Polish army to order additional Piorun anti-air missiles after the weapon outperforms on Ukrainian battlefield

Mesko's Piorun MANPADS. (Source: Youtube, Mr Dominik44, video picture grab)
By Grzegorz Adamczyk
3 Min Read

Poland is ordering additional MANPAD class systems, known as the Piorun (“thunderbolt” in Polish), in order to augment its air defense capabilities, with an obvious eye to the conflict in Ukraine.

The MESKO SA company was awarded the contract to provide the Piorun systems by the Polish Ministry of Defense, informed Minister Mariusz Błaszczak.  

“We are systematically increasing the anti-aircraft capabilities of the Polish Armed Forces. The awarded contract for the Piorun anti-aircraft missile sets will be increased, and the deliveries will be carried out in the following years. This will allow us to maintain continuity of production in our defense industry,” Błaszczak posted on Twitter.

The spokesman for the Armament Agency, lieutenant colonel Krzysztof Płatek, noted that so far Poland ordered MESKO’s 1300 missiles and 420 Piorun launch devices, which will be delivered in 2023.

MESKO SA is a producer of ammunition and anti-armour, anti-aircraft missiles based in Skarżysko-Kamienna in southern Poland.

The contract is to be “amended and extended for the coming years,” and the orders will “utilize the factual production capabilities of the contractor to a high extent,” meaning that Mesko S.A. will produce Piorun missiles and an adequate amount of launch devices at full capacity.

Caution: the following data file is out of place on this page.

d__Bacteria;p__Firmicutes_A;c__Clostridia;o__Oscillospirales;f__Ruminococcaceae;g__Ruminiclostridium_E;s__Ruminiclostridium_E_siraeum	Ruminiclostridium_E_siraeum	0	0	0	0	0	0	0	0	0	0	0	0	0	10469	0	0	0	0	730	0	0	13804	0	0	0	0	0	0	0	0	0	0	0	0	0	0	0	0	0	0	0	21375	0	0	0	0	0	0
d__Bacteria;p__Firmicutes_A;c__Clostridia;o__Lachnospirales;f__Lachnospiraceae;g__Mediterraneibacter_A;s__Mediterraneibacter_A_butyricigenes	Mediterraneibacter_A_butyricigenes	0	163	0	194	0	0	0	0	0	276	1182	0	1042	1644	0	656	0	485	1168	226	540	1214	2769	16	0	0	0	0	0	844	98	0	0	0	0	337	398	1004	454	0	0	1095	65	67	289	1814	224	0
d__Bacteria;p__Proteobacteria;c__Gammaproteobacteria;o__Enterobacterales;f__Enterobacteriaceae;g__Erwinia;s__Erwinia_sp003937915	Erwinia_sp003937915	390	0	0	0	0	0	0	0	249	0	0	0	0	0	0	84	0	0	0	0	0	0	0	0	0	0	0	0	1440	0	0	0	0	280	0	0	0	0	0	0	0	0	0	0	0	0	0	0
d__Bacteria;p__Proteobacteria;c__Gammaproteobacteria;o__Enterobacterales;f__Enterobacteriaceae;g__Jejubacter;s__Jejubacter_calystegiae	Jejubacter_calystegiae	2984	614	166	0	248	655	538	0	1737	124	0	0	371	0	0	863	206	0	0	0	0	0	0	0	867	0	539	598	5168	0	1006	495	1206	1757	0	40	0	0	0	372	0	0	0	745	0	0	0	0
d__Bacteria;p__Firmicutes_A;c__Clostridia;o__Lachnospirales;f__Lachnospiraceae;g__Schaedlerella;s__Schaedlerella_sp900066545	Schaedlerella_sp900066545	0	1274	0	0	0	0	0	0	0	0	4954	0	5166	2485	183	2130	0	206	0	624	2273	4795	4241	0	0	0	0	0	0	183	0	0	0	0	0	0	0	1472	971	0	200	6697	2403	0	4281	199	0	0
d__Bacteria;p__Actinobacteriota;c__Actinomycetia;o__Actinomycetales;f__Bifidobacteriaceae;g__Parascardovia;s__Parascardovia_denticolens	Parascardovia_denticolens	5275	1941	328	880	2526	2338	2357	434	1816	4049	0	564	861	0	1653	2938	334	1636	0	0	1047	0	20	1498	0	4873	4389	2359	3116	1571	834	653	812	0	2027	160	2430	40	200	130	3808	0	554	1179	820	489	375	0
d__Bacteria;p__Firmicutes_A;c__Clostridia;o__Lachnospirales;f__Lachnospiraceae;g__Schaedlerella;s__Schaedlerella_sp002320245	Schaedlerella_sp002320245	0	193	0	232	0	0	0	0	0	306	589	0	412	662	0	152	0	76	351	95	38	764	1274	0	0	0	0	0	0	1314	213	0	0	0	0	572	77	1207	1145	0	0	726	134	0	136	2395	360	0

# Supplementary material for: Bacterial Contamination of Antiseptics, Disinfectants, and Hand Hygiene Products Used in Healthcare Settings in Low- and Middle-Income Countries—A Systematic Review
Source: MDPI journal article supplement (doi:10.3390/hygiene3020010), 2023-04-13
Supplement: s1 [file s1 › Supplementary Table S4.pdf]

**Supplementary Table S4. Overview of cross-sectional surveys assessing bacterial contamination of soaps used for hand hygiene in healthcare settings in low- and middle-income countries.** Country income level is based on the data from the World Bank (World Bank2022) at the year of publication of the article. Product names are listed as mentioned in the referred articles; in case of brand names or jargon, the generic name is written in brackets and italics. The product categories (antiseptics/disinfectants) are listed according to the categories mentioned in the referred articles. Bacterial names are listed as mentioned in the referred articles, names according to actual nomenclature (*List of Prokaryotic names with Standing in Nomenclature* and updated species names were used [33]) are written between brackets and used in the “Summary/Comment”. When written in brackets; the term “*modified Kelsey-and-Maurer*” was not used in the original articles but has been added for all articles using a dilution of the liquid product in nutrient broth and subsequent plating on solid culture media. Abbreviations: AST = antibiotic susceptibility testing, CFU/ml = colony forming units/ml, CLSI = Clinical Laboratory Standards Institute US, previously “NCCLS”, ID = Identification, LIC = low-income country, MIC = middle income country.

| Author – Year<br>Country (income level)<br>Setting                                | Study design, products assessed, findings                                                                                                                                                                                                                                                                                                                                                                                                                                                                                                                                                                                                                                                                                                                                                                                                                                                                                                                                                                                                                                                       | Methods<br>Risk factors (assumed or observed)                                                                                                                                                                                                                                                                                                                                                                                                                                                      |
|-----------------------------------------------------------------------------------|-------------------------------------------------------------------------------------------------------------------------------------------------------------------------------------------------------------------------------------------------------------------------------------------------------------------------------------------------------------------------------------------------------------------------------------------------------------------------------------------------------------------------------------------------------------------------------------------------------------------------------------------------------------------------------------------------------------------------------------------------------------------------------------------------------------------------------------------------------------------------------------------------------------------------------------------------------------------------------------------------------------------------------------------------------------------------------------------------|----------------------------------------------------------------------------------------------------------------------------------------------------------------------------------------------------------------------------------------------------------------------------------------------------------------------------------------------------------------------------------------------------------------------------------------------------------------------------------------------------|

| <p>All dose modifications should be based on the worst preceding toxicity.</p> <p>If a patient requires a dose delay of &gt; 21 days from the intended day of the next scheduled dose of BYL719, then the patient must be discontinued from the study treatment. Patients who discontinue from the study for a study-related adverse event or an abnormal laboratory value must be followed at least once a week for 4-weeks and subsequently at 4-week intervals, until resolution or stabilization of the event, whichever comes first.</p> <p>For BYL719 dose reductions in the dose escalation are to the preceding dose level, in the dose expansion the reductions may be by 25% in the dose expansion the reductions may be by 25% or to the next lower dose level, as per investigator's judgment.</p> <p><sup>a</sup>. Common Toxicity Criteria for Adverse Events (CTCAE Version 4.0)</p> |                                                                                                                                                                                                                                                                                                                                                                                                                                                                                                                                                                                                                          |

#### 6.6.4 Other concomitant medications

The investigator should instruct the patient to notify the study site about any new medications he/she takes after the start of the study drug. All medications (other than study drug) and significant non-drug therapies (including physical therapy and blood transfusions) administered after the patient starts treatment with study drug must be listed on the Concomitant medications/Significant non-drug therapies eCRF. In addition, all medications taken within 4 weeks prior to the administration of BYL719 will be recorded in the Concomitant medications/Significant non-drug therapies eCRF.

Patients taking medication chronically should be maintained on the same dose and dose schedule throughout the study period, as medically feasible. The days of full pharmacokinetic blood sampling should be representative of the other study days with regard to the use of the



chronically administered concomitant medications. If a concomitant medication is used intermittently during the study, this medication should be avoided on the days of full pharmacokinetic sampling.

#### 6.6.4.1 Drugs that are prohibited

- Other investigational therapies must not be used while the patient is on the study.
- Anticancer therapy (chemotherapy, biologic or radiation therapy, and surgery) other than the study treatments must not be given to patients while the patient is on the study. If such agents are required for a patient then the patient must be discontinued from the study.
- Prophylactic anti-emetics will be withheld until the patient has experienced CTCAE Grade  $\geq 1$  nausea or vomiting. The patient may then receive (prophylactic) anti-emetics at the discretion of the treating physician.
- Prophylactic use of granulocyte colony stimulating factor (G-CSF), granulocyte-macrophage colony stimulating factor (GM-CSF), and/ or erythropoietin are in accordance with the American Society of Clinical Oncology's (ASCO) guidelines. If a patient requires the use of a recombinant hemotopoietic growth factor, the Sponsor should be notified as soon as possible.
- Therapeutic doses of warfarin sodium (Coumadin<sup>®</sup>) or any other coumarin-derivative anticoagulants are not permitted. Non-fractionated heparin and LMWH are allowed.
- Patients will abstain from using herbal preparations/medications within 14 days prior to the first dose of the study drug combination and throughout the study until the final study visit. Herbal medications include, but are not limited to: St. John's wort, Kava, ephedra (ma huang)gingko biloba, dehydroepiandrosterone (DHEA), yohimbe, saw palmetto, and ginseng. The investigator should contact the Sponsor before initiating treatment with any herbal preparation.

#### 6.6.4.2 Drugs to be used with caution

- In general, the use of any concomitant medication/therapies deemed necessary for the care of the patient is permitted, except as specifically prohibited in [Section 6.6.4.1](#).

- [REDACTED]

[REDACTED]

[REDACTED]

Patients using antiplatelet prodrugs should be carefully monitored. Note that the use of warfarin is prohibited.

The Polish MoD ordered Pioruns in December 2016 and the deliveries were to arrive in the years 2017-2022.

Announcing of the contract is not surprising, considering the situation in Ukraine and Poland sending an undisclosed number of Piorun systems to the country that were produced in the recent years for use in Polish Armed Forces. Those systems will need replacing, and the total number will probably also need to be increased, due to the announced build-up of the Polish military.

The weapon is produced by Poland’s domestic defense industry, which means Poland will be able to boost its own economy while ensuring a degree of self-reliance. The weapon already proved itself in Ukraine, where, according to reports, it was used to shoot down multiple Mi-24 helicopters, Su-25s and even the Su-34 heavy tactical bombers. Polish Piorun systems are highly appraised by the Ukrainian military for their remarkable efficiency.

The Piorun MANPADS was made as the result of a development work initiated in 2010 and all the technical solutions are fully controlled by Poland. Next to the portable systems, Pioruns can be used in the launchers of Pilica and Poprad systems, and after being modified, on Biała and Jodek-G systems.

Pioruns were chosen this year by the U.S. Armed Forces and will replace the existing Stinger systems.

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